Miner Editorial | We’re losing the ‘War on Trash’
It’s been difficult recently to not see the damage the human race is doing to Earth, and especially our ocean life, with the way we handle our trash.
For years the goal has been to teach everyone to recycle. The benefits that were supposed to be coming our way because of recycling efforts, according to the Environmental Protection Agency, were these:
• Reduces the amount of waste sent to landfills and incinerators,
• Conserves natural resources such as timber, water and minerals,
• Increases economic security by tapping a domestic source of materials,
• Prevents pollution by reducing the need to collect new raw materials,
• Saves energy,
• Supports American manufacturing and conserves valuable resources,
• Helps create jobs in the recycling and manufacturing industries in the U.S.
It’s not working.
There are many different types of municipal solid waste containers and products that are harming our planet, including our community. Make no mistake about it, our dependency upon plastic is killing us.
The EPA reports worldwide we are producing 300 million tons of plastic, including billions of plastic bottles and 5 billion plastic bags. At our current rate, we are recycling less than 15% of plastics.
Those numbers are only going to get worse as countries that once took used plastics from other countries are now stopping that practice.
It’s becoming more expensive to recycle here at home, as the City of Kingman has reported. Our community has gone from an experimental curbside system of recycling to a limited system of recycling as the City is about to remove the green recycling dumpsters from all of the current locations to a centralized place where Public Works is housed, 3700 E. Andy Devine Ave.
Moving the bins to Public Works will give City staff an opportunity to educate recyclers as they come in, which will in turn save Kingman money by reducing contamination levels.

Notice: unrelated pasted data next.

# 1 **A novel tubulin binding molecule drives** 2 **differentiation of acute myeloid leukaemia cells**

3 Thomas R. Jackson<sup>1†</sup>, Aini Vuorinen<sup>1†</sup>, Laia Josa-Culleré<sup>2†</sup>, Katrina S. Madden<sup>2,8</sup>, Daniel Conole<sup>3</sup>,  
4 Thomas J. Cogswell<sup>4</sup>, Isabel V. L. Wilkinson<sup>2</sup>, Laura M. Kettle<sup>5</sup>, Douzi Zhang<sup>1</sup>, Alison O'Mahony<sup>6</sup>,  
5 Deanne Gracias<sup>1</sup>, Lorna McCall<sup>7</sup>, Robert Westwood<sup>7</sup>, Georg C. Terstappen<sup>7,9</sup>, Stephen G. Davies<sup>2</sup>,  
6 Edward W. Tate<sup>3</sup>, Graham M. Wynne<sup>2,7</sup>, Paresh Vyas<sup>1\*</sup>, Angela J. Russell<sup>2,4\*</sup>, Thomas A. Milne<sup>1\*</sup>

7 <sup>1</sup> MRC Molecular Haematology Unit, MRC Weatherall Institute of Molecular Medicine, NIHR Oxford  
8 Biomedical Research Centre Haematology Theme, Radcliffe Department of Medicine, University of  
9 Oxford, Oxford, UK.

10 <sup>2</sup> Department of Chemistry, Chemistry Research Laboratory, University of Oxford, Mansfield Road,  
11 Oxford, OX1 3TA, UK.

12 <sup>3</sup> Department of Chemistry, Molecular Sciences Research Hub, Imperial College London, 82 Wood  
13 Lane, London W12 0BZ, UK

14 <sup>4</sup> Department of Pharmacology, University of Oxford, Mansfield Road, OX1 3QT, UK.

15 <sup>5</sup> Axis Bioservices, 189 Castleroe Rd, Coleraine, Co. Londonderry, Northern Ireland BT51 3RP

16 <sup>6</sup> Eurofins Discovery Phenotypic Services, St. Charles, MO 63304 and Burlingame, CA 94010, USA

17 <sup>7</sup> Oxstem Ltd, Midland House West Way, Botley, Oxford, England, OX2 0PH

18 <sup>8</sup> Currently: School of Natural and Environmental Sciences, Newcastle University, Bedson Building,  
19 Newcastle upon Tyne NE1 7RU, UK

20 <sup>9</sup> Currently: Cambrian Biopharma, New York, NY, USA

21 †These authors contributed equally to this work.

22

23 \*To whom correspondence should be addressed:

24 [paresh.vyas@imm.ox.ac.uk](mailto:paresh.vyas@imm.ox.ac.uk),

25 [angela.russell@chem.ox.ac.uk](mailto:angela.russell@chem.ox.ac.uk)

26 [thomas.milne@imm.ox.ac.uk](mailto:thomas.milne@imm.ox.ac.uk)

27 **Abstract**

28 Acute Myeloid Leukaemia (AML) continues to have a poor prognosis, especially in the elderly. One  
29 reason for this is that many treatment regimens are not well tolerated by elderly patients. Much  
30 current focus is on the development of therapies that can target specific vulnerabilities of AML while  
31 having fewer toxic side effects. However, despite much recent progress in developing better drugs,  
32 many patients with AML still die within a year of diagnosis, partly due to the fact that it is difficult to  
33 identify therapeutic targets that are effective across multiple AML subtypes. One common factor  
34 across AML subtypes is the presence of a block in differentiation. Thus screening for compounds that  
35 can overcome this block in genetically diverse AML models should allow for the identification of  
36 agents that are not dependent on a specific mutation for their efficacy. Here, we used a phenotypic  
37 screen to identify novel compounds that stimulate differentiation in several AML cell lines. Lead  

Most likely, we believe it is going to reduce the pounds of waste in Kingman that are recycled. We believe there will be a lot of residents who won’t want to make the drive if the closest recycling bins are miles away rather than in the neighborhood.
One recycler separates his household’s recyclables into four bins. He owns a small car so only takes one at a time to the neighborhood dumpsters. When the recycling containers are relocated, the recycler has said he will stop.
Recycling is becoming more and more costly and inconvenient, and by the looks of it here in Kingman, “big brother” isn’t going to save us.
The EPA offers four ways for all of us to participate in the “War on Trash.” The four Rs are: 1) reduce the amount of materials used and waste created. 2) Reuse materials. 3) Recycle (whenever possible). 4) Rethink the materials you use and the materials you throw away.
We believe the solution is to rid our lives of single-use plastics.
Try purchasing a water bottle rather than purchasing cases of bottled water. Get canvas bags to take to the grocery store for transporting food rather than relying on the stores’ plastic bags.
Use straws that can be composted or reused rather than accepting plastic straws from restaurants.
There is a company offering cleaning supplies that don’t require the purchasing of large plastic bottles when refills are needed. After the initial purchase, refill cartridges are ordered and not the bottles, which you keep to reuse.
Recycling isn’t going to get us free from our plastic addiction. Our governments aren’t going to be major players to stop it.
Each one of us, individually, is going to have lead our households and teach how not to get addicted to single-use plastics.
Maybe then we’ll stop seeing whales die with stomachs full of plastic.